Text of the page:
Competition for Fans

The Baltimore Orioles are no longer just competing on the field with other teams, they are competing with the Washington Nationals for fans. They are offering additional tickets to the O’s home opener against the A’s to their season ticket holders and they are also targeting luxury suite packages to small businesses. From the Baltimore Sun:

Other perks offered as part of the Orange Carpet program include the ability to buy additional tickets at a reduced rate and early entry into Camden Yards to watch batting practice.

Marc Ganis, president of Chicago-based SportsCorp LTD, said what the Orioles are doing is good business.

“The Orioles have to be more cognizant that there is competition in the marketplace,” Ganis said. “Fans are going to vote with their wallets.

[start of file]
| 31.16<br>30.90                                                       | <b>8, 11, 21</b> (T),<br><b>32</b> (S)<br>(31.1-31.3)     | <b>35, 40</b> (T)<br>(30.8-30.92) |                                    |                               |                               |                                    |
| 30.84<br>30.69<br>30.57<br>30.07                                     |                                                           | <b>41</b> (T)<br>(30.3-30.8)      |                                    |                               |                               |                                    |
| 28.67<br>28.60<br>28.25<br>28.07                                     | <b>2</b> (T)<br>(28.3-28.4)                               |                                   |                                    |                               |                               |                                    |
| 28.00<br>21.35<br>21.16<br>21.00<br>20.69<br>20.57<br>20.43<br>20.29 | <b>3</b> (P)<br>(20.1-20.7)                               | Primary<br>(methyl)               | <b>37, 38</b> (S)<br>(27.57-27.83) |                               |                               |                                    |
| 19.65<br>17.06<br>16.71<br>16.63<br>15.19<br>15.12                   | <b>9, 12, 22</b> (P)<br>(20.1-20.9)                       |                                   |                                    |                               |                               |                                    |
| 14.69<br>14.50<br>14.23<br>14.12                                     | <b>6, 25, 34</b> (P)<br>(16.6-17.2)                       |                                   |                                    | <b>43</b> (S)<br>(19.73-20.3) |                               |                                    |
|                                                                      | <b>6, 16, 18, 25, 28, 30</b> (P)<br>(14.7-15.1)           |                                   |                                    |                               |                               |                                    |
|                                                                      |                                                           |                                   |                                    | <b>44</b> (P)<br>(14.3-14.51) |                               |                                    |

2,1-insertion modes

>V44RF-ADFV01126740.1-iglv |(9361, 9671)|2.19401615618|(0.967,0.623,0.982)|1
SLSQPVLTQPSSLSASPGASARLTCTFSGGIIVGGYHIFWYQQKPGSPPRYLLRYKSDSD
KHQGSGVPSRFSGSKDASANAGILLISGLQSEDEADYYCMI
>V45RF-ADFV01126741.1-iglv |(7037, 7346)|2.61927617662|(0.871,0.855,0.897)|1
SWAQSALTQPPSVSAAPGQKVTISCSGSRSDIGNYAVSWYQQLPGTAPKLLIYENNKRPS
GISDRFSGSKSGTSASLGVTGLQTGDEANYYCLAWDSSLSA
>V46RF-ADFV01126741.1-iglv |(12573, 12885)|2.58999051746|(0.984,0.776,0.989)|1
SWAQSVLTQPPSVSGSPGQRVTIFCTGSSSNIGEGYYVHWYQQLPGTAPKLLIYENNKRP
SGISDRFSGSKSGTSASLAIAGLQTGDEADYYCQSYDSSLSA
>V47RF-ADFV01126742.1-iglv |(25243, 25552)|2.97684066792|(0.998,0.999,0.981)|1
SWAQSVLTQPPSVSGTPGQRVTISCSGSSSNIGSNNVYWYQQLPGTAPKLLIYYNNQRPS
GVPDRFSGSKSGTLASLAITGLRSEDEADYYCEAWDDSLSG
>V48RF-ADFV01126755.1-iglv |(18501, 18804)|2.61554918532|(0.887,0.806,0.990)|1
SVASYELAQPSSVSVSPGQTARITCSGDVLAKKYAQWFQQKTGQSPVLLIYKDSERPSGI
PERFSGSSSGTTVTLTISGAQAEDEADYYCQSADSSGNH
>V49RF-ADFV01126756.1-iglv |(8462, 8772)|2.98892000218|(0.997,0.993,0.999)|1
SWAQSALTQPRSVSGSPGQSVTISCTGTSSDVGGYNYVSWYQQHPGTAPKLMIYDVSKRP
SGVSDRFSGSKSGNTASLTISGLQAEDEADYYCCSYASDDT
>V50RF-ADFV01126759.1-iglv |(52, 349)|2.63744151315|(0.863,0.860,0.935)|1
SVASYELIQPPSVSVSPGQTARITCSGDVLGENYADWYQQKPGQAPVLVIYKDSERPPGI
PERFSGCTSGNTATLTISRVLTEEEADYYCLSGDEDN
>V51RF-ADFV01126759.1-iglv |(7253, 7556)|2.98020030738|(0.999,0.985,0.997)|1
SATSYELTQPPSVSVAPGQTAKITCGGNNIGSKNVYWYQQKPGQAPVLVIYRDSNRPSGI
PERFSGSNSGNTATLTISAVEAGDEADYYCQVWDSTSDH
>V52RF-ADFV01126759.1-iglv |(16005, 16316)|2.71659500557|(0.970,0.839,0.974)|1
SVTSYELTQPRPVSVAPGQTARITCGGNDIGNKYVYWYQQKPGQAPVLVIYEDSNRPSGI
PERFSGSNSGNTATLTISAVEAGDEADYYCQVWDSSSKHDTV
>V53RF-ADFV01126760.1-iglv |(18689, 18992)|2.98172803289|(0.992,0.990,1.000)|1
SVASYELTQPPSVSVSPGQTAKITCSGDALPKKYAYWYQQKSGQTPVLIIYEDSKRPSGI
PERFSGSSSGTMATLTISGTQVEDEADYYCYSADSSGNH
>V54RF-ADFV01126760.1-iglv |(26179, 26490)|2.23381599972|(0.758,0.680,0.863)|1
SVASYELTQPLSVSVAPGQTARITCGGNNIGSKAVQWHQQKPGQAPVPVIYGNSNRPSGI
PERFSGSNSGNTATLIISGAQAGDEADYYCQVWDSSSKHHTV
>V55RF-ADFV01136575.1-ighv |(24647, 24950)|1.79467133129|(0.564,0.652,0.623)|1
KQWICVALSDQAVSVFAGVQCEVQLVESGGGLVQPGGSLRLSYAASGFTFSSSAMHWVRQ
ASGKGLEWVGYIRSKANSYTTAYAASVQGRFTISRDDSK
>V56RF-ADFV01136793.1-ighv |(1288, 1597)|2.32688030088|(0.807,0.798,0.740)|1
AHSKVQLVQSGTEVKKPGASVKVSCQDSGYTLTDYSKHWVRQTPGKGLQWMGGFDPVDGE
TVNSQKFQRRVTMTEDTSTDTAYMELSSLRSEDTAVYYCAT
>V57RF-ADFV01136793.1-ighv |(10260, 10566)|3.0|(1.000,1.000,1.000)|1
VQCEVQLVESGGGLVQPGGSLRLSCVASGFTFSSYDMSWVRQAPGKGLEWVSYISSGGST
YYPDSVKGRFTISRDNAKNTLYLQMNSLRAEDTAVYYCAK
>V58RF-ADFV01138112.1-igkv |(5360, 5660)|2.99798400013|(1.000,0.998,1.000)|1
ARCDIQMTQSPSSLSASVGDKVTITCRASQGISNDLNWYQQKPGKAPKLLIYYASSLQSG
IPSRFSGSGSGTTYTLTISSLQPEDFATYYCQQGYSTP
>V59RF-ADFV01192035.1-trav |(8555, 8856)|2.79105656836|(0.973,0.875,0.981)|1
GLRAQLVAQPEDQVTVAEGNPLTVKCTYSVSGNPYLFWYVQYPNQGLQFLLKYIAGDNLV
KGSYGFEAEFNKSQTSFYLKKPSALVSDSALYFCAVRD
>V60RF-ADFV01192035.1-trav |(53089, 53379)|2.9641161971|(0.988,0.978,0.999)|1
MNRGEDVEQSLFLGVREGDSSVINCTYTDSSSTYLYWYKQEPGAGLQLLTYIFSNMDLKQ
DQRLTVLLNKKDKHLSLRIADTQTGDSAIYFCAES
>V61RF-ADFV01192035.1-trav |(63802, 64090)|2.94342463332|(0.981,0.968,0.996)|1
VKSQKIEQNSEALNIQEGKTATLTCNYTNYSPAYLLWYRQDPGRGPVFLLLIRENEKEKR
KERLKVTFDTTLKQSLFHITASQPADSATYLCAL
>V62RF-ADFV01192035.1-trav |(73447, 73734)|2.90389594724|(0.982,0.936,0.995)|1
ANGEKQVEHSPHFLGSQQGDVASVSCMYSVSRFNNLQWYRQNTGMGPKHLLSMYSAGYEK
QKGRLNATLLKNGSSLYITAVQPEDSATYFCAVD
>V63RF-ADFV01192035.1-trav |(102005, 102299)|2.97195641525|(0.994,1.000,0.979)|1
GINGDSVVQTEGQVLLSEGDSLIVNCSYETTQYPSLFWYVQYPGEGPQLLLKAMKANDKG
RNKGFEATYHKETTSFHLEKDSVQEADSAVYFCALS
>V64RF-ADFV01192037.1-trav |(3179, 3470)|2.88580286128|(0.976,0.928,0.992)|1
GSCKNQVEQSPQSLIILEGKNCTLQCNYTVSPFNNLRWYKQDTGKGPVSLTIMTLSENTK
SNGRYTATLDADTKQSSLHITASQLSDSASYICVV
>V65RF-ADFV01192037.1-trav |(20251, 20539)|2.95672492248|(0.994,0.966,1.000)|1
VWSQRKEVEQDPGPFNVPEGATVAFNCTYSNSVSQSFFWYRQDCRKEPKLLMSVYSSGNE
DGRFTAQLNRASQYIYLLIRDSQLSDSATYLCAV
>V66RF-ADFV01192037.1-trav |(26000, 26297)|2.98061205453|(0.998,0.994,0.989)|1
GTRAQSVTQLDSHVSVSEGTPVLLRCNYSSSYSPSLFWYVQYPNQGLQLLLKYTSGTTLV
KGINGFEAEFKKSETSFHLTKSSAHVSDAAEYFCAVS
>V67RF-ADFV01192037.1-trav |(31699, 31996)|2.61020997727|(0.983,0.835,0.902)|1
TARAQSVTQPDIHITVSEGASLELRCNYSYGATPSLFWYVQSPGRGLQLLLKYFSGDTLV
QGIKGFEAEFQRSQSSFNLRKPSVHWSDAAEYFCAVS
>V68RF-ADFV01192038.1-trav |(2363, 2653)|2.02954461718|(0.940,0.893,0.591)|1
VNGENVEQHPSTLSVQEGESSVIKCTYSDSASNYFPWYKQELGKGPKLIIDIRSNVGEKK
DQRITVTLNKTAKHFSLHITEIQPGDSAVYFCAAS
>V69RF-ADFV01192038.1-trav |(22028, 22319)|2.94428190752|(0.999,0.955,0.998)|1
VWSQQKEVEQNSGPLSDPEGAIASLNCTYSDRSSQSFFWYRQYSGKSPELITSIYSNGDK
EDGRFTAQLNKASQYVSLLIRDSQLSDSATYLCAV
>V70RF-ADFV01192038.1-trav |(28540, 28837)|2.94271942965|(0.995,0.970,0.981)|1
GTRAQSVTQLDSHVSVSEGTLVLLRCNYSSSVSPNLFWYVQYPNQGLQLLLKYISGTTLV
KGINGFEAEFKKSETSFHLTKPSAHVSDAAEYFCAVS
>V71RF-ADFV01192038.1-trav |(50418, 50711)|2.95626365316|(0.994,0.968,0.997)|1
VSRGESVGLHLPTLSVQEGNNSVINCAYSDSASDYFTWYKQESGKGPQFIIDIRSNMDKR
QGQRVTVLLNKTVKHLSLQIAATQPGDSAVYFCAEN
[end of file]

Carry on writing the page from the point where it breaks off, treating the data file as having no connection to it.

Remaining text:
“That’s where customer service comes in. That’s where offering perks and special benefits comes into play.

“It doesn’t matter if it’s a baseball team or a supermarket or a bank or an airline. They’ve all got to participate in a world like this.”

“Everyone will put a full-court press on their suite sales until they get to ‘x’ point,” he said. “Then, these suites become like hotel room nights, just like your ticket inventory. Once the night passes, you’re out that revenue. So better to get out ahead of it and get creative.”

Many people mistakenly think of competition between firms as some sort of zero-sum game – a game where the gains of the winner exactly offset the losses of the loser. But this notion of competition forgets a very important piece of the puzzle that benefits greatly from competition: the consumer.

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Author: Phil Miller

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